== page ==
Posted By RichC on October 6, 2018
As we watch the Brett Kavanaugh hearing play out in the political circus that has become Washington DC politics, some Americans have lost sight that there are actual people and lives at the center of these hearings. Senate confirmation hearings were once straight forward, and usually concluded with a vote to confirm, if the appointed candidate had the appropriate resume and reasonable career of constitutionally competent judicial decisions and opinions. In the past, the votes were often near unanimous and senators accepted that sitting presidents have the authority and duty to appoint Supreme Court Justices to the court. The Senate confirmation process was merely a safety check and functioned well throughout our history by treating each nominee with professional courtesy and followed by a protocol vote that excluded their political bias. What happened to respect and decency in government and in the U.S. Senate?
A Complete National Disgrace
The Kavanaugh hearings as American nadir.
by David Brooks, a New York Times Opinion Columnist
Over the past few years, hundreds of organizations and thousands of people (myself included) have mobilized to reduce political polarization, encourage civil dialogue and heal national divisions.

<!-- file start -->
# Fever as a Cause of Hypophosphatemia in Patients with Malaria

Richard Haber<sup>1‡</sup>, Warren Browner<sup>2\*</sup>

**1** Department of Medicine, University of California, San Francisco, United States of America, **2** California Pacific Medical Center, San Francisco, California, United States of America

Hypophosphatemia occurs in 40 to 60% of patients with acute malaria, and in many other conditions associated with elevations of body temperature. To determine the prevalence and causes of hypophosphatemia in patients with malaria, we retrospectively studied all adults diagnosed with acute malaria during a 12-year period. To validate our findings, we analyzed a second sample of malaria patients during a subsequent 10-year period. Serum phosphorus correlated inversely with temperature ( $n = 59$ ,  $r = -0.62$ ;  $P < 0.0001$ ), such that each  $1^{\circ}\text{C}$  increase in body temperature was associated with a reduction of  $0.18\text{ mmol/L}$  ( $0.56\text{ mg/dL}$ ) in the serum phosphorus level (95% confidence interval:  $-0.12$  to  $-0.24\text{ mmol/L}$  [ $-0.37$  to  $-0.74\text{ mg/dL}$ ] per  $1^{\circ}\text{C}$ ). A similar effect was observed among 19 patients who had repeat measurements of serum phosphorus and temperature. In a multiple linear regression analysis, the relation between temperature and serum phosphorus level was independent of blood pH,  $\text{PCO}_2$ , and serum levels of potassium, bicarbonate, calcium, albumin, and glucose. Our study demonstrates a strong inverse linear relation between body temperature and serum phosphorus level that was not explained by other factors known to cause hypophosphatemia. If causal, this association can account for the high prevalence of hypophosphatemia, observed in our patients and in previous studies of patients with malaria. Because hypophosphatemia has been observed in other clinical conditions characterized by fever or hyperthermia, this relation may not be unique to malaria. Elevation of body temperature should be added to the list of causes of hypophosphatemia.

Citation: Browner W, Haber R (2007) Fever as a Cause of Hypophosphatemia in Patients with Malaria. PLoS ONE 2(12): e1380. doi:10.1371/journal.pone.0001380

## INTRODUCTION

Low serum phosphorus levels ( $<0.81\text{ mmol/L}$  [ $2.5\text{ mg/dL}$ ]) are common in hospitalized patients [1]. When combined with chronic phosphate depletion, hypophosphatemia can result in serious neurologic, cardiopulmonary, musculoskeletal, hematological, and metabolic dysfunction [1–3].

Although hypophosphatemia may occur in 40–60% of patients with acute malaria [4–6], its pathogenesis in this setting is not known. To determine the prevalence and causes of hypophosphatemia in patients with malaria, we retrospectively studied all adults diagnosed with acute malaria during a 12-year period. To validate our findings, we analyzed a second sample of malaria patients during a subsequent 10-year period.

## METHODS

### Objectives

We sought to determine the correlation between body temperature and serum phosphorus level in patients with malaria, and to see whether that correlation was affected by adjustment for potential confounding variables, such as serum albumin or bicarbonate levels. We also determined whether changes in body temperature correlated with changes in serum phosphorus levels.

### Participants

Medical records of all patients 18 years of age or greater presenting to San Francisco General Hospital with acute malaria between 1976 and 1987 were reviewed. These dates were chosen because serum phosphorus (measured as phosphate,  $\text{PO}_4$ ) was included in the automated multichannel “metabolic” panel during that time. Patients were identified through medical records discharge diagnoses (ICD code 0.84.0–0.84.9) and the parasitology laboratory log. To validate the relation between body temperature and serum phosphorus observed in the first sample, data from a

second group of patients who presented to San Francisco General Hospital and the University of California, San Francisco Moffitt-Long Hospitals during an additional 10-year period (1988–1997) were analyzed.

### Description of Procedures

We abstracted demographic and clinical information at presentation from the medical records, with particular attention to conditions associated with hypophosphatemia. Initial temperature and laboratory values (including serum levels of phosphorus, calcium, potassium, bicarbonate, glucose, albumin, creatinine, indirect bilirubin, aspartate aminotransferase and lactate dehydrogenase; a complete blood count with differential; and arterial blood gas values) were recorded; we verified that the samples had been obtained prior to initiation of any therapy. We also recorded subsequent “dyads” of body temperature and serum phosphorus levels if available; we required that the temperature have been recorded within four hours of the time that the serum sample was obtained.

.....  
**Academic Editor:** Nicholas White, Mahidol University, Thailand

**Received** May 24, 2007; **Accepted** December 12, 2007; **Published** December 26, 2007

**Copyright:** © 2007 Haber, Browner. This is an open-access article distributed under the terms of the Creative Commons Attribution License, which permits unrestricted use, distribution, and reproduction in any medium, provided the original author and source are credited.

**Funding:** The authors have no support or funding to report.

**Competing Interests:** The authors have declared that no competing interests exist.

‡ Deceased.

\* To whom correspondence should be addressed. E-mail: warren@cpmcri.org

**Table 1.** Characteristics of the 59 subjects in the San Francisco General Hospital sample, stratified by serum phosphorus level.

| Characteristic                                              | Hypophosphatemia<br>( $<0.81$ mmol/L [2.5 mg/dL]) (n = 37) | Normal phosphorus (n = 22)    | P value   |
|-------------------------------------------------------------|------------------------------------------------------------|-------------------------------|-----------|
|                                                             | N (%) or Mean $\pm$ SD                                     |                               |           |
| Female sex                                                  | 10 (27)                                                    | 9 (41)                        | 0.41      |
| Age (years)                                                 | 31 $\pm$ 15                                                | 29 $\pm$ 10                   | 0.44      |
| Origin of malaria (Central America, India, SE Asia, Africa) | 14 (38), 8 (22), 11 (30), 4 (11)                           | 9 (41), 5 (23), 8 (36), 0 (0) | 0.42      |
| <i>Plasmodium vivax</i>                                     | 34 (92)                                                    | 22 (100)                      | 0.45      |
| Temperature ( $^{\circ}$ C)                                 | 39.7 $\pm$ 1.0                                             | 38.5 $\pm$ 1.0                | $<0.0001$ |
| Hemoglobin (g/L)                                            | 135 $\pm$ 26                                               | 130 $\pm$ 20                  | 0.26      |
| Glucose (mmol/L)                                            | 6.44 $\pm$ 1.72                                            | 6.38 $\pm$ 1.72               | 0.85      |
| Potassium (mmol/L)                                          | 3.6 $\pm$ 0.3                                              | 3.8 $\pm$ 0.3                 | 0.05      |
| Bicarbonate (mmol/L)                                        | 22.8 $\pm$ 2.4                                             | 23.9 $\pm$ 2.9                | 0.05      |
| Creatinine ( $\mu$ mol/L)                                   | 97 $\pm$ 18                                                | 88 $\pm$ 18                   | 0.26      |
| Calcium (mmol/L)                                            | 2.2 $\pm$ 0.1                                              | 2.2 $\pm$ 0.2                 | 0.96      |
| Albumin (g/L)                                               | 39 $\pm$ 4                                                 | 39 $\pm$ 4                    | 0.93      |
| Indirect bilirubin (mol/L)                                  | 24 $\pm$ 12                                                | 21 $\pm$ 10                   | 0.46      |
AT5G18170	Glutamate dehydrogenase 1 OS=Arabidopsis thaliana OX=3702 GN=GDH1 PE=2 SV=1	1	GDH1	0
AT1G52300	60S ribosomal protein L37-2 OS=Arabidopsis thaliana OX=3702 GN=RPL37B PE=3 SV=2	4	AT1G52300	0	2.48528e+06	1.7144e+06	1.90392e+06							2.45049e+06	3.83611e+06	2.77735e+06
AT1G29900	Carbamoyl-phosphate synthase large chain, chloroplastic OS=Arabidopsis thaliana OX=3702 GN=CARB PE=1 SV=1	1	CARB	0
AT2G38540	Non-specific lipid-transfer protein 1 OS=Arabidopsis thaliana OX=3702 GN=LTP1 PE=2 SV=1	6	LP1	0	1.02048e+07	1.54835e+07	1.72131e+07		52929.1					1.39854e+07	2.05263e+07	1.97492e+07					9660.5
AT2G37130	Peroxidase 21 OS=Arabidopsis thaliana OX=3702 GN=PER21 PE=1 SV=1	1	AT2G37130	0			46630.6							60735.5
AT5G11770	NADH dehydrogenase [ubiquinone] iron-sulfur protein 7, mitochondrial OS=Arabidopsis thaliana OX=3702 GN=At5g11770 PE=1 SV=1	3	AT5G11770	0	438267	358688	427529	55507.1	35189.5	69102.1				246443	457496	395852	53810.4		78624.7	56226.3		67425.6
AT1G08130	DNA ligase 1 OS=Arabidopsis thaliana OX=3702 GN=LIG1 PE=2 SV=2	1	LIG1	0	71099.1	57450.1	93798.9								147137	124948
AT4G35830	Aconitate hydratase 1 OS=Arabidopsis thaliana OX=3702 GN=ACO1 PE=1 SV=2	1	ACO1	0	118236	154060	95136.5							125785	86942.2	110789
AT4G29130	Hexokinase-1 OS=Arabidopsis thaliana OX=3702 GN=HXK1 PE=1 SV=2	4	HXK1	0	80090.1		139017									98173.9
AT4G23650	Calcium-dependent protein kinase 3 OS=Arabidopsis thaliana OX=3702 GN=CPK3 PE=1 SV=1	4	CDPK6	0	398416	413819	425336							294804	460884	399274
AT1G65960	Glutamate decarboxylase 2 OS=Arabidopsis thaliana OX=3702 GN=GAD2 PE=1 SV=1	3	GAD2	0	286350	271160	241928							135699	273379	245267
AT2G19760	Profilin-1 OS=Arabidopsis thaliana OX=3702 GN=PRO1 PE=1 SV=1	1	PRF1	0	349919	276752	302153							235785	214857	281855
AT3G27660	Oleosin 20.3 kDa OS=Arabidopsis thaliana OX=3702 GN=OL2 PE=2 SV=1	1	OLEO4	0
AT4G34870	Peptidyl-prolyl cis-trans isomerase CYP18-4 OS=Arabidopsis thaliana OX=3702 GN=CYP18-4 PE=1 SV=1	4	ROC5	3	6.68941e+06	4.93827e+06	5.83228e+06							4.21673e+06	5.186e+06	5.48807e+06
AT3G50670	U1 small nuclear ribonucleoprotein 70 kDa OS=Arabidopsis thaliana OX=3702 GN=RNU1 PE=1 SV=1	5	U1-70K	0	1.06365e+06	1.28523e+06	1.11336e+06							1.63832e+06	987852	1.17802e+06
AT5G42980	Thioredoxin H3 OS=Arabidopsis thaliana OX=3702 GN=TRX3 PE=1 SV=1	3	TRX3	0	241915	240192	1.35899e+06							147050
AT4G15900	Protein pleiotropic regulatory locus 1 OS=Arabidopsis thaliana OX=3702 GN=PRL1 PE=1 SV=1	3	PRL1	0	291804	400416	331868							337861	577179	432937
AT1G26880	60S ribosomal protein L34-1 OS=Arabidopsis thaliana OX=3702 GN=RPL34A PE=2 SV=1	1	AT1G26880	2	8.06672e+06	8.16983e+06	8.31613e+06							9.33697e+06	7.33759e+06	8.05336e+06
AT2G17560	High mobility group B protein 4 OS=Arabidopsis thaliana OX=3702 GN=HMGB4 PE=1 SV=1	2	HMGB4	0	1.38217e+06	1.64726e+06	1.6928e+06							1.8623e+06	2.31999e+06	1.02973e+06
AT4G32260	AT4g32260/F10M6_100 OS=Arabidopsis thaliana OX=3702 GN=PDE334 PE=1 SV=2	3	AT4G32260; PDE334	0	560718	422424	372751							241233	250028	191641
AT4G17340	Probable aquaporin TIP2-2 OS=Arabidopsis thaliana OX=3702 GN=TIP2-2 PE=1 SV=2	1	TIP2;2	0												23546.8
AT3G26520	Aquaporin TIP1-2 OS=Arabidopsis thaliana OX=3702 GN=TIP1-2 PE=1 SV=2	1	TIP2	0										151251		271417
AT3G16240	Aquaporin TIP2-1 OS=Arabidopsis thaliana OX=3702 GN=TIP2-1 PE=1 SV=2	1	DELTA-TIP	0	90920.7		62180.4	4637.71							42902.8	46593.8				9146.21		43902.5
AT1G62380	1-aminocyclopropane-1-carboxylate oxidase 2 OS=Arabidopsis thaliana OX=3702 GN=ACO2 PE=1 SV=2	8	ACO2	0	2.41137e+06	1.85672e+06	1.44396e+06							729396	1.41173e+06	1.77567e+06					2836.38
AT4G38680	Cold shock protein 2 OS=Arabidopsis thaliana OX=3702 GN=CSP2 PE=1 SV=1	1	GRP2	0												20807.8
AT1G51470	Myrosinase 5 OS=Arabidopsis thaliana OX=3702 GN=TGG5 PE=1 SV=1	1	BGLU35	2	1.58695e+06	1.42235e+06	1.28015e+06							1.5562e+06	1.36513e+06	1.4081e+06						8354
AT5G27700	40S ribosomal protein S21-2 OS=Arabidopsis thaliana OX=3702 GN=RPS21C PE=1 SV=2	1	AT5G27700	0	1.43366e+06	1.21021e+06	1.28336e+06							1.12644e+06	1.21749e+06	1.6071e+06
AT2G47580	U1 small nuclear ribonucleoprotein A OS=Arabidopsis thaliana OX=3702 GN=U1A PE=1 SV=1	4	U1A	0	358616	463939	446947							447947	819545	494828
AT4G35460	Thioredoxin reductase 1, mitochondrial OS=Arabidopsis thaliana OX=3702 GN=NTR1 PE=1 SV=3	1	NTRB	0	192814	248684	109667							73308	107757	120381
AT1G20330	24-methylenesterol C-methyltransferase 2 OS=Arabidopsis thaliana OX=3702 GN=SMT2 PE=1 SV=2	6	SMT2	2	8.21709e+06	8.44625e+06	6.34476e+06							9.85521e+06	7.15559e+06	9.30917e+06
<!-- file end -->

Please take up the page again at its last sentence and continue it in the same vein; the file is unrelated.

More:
The first test case for our movement was the Kavanaugh hearings. It’s clear that at least so far our work is a complete failure. Sixty-nine percent of Americans in one poll called the hearings a “national disgrace,” and the only shocking thing is that there are 31 percent who don’t agree.
What we saw in these hearings was the unvarnished tribalization of national life. At the heart of the hearings were two dueling narratives, one from Christine Blasey Ford and one from Brett Kavanaugh. These narratives were about what did or did not happen at a party 36 years ago. There was nothing particularly ideological about the narratives, nothing that touched on capitalism, immigration or any of the other great disputes of national life.
And yet reactions to the narratives have been determined almost entirely by partisan affiliation. Among the commentators I’ve seen and read, those who support Democrats embrace Blasey’s narrative and dismissed Kavanaugh’s. Those who support Republicans side with Kavanaugh’s narrative and see holes in Ford’s. I can think of few exceptions.
These hearings were also a devastating blow to intellectual humility. At the heart of this case is a mystery: What happened at that party 36 years ago? There is no corroborating evidence either way. So the crucial questions are: How do we sit with this uncertainty? How do we weigh the two contradictory testimonies? How do we measure these testimonies when all of cognitive science tells us that human beings are really bad at spotting falsehood? Should a person’s adult life be defined by something he did in high school?
Commentators and others may have acknowledged uncertainty on these questions for about 2.5 seconds, but then they took sides.
–>The Full NYTimes Opinion piece is worth reading